HUMAN rights lobby group Jamaicans For Justice (JFJ) is dismayed at the fact that many Jamaicans still hold the view that state resources belong to their political representatives, who are at liberty to share them up as they please.
The pronouncement is contained in the 2012 Jamaicans For Justice Report, which focuses on social and economic justice and was launched last Friday.
The lobby group expressed alarm that at this point in Jamaica's history, people still perceive the state and elected government representatives as benefactors and the owners of resources, which are handed out as favours, mainly at election time.
"This perception (which has some basis in fact) limits what citizens will demand in terms of accountability and good governance and realisation of their rights. This situation must change," said JFJ's Executive Director, Dr Carolyn Gomes.
She highlighted the extent to which such dependence has thwarted the development of many Jamaicans, including members of poor households across the country, some of whom participated in the discussions and fieldwork that informed aspects of the report.
"It can change if people are empowered with knowledge and given the skills to advocate for their rights," Dr Gomes added.
While pointing to some positive developments, including the involvement and responsiveness of some state agencies such as the Jamaica Foundation For Lifelong Learning, and the Social Development Commission, the report concluded that Jamaica has been failing its people in many other areas, including the right to education, the right to adequate living conditions, the right to social protection and health, as well as the right to employment.
On the issue of housing, the report took issue with the approach used by successive administrations to deal with squatting.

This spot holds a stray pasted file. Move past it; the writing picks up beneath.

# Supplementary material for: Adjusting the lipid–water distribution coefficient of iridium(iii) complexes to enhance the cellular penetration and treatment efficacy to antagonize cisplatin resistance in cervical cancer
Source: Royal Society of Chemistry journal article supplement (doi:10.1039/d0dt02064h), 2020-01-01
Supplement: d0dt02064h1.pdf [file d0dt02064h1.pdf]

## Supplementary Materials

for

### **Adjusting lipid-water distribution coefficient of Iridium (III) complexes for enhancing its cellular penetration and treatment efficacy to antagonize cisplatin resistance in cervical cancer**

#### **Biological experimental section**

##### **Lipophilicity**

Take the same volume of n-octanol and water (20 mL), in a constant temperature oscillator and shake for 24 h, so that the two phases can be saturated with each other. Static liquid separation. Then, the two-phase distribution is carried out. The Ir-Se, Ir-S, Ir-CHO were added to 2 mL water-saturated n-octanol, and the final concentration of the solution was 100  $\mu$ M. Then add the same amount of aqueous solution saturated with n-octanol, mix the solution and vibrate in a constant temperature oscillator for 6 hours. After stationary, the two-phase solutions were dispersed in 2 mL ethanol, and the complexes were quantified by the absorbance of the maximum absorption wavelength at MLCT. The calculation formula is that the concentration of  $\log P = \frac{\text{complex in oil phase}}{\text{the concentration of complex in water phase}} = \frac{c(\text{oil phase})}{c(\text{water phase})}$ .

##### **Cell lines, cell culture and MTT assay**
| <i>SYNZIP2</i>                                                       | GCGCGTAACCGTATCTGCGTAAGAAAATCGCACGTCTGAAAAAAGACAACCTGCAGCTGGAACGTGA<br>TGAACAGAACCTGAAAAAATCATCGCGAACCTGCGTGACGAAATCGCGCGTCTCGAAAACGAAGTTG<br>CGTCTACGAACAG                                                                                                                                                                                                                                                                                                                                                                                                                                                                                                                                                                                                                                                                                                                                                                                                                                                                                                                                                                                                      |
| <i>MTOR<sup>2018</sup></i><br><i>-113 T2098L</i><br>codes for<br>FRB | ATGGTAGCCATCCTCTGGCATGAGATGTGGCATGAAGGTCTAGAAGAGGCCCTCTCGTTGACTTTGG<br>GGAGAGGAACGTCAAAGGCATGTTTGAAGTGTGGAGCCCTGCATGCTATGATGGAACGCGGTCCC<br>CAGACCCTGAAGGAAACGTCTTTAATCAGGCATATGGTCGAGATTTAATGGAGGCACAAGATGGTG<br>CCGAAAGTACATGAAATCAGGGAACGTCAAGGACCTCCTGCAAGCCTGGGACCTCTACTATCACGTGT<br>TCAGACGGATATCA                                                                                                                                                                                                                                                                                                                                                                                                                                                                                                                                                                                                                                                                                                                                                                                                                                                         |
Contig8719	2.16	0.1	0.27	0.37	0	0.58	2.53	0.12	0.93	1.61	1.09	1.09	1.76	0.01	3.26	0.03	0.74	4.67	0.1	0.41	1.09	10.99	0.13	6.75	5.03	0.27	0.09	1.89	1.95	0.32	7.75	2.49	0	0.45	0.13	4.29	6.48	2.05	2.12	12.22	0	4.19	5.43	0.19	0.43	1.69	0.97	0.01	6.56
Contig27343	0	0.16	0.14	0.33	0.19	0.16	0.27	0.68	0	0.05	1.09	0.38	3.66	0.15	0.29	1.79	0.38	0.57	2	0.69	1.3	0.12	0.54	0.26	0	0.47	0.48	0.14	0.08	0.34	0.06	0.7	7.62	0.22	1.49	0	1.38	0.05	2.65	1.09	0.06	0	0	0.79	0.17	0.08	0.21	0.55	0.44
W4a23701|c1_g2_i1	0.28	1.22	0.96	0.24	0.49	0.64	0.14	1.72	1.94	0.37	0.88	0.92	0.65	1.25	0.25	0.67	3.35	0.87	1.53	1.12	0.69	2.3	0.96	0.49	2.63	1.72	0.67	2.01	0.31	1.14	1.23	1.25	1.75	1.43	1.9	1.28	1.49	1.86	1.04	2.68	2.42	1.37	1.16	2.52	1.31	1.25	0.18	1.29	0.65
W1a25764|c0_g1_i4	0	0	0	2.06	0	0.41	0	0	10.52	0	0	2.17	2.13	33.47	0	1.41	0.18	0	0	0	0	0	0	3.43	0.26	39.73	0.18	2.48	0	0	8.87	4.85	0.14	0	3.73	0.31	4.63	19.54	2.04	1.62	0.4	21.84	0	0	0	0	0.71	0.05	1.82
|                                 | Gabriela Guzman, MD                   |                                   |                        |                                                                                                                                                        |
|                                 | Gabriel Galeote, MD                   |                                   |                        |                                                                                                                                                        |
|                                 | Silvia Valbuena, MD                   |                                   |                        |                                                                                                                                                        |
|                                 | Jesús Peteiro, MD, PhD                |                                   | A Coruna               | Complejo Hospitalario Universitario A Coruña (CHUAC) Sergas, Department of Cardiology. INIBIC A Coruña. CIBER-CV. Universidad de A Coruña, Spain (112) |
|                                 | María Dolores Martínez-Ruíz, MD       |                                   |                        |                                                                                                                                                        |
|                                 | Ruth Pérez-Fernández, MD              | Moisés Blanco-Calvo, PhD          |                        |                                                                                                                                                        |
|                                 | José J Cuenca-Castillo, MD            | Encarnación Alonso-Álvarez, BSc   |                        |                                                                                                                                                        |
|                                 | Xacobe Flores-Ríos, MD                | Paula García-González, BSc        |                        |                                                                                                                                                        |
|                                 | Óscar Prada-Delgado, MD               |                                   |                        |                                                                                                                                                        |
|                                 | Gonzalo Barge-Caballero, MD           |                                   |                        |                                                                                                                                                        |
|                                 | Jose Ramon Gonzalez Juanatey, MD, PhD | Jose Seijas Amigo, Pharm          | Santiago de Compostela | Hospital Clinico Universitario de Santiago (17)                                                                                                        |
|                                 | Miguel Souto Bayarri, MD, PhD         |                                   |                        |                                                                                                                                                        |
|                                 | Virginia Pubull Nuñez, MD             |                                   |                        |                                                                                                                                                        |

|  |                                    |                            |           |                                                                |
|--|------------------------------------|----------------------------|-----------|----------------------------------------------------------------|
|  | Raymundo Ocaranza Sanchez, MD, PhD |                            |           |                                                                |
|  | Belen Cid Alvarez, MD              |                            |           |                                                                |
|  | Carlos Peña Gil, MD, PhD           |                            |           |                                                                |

"These communities are growing nationally and the government has a responsibility to develop and implement — working with the communities themselves — to devise solutions (and) a structured regulated and sustainable process to ensure that squatter communities are regularised or relocated, and that more persons have opportunities to obtain valid titles for the land that they occupy," the JFJ report read.
"The existing situation in Jamaica, with so many persons living on land to which they have no claim, or for which they have no title, restricts economic growth and locks generations into the cycle of poverty," the report added.
On the matter of education, the report blames successive administrations for the failure to create an education system that is not easily accessed, or of sufficient quality, or at a high enough standard to ensure that all those who complete basic education are literate. According to the report, this failure constitutes a breach of the fundamental rights of Jamaicans.
The lobby group has also expressed concern that there are many people — especially the elderly — who are not accessing or benefitting from social protection programmes because they either do not know about them, or because the benefits are insufficient.
The report adds that consideration should be given to the provision of adequate resources to ensure universal access to an acceptable standard of health care.
JFJ, in its annual publication, has also taken issue with Jamaica's high levels of unemployment, especially among males.
Officials of the lobby group explained that the social and economic justice report focuses on the enjoyment of economic and social rights, which the group says are international principles articulated in the Universal Declaration of Human Rights adopted by the United Nations in 1948.
"Each and every citizen is entitled to proper health care, secure streets, where citizens can carry out daily normal activities without fear, safe drinking water, clean, well-maintained gullies, proper road surfaces on which to drive, and schools that are properly equipped and staffed with qualified instructors," read a section of the report, which is produced by JFJ with the support of Christian Aid — a UK-based charity — and the European Union.
The group has contended that the daily struggle of many Jamaicans to meet basic needs impedes their ability to attain their full potential and contribute to national growth.